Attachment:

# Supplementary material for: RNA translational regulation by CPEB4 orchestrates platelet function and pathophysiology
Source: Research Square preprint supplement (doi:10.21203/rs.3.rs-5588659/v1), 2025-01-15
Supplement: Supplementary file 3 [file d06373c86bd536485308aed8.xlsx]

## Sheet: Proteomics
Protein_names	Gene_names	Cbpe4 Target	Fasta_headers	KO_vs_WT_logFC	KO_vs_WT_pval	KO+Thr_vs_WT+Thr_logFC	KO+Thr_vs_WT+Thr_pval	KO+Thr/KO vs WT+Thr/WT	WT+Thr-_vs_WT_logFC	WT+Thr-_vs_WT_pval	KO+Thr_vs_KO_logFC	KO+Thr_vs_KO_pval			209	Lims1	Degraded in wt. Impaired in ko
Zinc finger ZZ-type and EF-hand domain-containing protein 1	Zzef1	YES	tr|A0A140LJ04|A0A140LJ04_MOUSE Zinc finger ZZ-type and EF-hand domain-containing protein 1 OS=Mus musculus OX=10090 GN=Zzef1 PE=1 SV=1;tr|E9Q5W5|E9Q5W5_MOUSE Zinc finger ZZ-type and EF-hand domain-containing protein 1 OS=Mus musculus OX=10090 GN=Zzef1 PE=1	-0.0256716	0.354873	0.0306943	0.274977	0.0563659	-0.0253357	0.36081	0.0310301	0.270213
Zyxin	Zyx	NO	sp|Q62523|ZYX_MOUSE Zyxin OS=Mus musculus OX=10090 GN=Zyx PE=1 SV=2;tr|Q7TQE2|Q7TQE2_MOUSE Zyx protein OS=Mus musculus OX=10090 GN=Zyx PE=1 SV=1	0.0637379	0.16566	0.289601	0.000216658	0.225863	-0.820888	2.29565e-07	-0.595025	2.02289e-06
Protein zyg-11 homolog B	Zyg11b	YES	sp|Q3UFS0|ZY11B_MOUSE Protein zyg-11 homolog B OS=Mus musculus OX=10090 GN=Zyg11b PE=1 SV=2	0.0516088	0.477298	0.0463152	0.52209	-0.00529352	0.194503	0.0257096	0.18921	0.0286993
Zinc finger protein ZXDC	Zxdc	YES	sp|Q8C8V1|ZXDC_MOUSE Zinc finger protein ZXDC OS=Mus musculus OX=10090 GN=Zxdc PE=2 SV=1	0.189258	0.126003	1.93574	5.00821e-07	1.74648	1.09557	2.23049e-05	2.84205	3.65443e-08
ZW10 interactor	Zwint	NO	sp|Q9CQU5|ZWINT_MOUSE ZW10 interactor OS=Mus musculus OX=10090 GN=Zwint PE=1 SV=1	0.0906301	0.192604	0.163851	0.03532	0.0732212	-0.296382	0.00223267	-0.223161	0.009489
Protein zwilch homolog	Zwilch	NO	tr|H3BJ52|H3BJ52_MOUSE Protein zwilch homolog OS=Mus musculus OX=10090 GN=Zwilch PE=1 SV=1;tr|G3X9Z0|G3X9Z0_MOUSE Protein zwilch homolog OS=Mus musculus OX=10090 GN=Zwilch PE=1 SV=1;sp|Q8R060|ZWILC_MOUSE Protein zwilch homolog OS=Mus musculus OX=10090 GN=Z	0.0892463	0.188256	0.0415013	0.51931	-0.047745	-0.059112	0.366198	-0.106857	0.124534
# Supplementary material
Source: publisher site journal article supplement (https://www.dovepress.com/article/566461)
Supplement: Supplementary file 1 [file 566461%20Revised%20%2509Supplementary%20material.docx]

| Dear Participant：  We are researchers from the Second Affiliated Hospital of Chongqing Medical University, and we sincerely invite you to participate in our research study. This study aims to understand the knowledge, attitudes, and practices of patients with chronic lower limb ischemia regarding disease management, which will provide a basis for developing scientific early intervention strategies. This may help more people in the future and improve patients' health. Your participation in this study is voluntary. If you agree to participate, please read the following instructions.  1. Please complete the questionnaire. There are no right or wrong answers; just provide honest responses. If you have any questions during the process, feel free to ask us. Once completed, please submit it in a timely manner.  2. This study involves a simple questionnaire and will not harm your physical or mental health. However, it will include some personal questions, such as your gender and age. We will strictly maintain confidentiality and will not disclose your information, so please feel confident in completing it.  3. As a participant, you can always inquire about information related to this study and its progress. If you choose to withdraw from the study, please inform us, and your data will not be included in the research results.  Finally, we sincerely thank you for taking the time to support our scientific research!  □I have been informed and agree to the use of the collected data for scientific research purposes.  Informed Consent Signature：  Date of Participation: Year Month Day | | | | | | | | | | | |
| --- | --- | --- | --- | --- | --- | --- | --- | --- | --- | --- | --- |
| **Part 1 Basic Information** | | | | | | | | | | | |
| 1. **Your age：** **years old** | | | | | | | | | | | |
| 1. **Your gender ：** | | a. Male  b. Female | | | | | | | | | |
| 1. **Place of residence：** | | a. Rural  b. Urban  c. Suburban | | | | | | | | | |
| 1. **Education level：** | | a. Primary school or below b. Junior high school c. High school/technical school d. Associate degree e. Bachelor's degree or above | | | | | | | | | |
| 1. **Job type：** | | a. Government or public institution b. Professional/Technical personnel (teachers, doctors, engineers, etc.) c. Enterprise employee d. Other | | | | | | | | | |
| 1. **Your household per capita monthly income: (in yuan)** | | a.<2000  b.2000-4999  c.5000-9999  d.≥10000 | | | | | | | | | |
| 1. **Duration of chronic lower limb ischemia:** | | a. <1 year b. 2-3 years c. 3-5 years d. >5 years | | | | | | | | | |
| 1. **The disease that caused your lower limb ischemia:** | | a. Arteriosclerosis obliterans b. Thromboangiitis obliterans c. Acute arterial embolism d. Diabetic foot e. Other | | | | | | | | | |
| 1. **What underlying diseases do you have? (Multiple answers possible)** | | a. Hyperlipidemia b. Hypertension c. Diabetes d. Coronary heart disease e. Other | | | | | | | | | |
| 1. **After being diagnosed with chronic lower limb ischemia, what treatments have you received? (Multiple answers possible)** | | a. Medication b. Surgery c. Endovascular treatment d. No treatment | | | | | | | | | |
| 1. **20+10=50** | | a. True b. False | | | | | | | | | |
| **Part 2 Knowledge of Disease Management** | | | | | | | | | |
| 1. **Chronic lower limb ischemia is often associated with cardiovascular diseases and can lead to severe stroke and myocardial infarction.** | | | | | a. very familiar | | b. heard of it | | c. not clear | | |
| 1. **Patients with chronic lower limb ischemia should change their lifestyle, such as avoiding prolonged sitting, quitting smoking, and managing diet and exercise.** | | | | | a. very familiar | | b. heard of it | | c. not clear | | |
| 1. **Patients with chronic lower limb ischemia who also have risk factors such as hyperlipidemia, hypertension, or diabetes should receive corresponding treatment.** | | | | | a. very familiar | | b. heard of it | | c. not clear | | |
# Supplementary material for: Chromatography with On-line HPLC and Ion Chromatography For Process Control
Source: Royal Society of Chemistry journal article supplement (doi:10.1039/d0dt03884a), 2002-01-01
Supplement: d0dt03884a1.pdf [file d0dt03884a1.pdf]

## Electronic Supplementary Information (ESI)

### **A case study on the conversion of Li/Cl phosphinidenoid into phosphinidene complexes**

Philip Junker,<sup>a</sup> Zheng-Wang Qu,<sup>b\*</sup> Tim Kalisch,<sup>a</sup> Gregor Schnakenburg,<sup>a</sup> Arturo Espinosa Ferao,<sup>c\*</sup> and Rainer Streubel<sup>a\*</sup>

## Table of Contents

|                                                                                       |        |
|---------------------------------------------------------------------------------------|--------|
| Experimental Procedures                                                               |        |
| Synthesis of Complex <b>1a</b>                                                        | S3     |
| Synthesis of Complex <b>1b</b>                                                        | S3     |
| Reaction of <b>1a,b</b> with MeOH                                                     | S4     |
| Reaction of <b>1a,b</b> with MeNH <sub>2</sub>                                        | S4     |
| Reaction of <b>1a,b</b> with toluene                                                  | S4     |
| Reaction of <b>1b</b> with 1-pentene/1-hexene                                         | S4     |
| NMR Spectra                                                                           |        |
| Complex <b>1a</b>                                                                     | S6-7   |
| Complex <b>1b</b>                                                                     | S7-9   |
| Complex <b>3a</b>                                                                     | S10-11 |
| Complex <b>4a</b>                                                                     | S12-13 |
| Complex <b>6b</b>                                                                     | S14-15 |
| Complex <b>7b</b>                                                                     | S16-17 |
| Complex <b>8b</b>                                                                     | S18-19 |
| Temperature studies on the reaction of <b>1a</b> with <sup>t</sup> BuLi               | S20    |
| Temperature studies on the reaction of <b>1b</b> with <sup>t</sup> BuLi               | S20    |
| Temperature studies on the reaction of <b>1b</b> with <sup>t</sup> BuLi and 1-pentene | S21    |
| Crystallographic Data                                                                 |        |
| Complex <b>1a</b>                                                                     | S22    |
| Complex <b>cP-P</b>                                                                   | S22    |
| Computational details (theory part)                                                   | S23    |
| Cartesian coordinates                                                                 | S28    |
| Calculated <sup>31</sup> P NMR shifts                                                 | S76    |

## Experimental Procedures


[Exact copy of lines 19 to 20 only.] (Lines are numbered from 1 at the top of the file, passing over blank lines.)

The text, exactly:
| 1. **Your gender ：** | | a. Male  b. Female | | | | | | | | | |
| 1. **Place of residence：** | | a. Rural  b. Urban  c. Suburban | | | | | | | | | |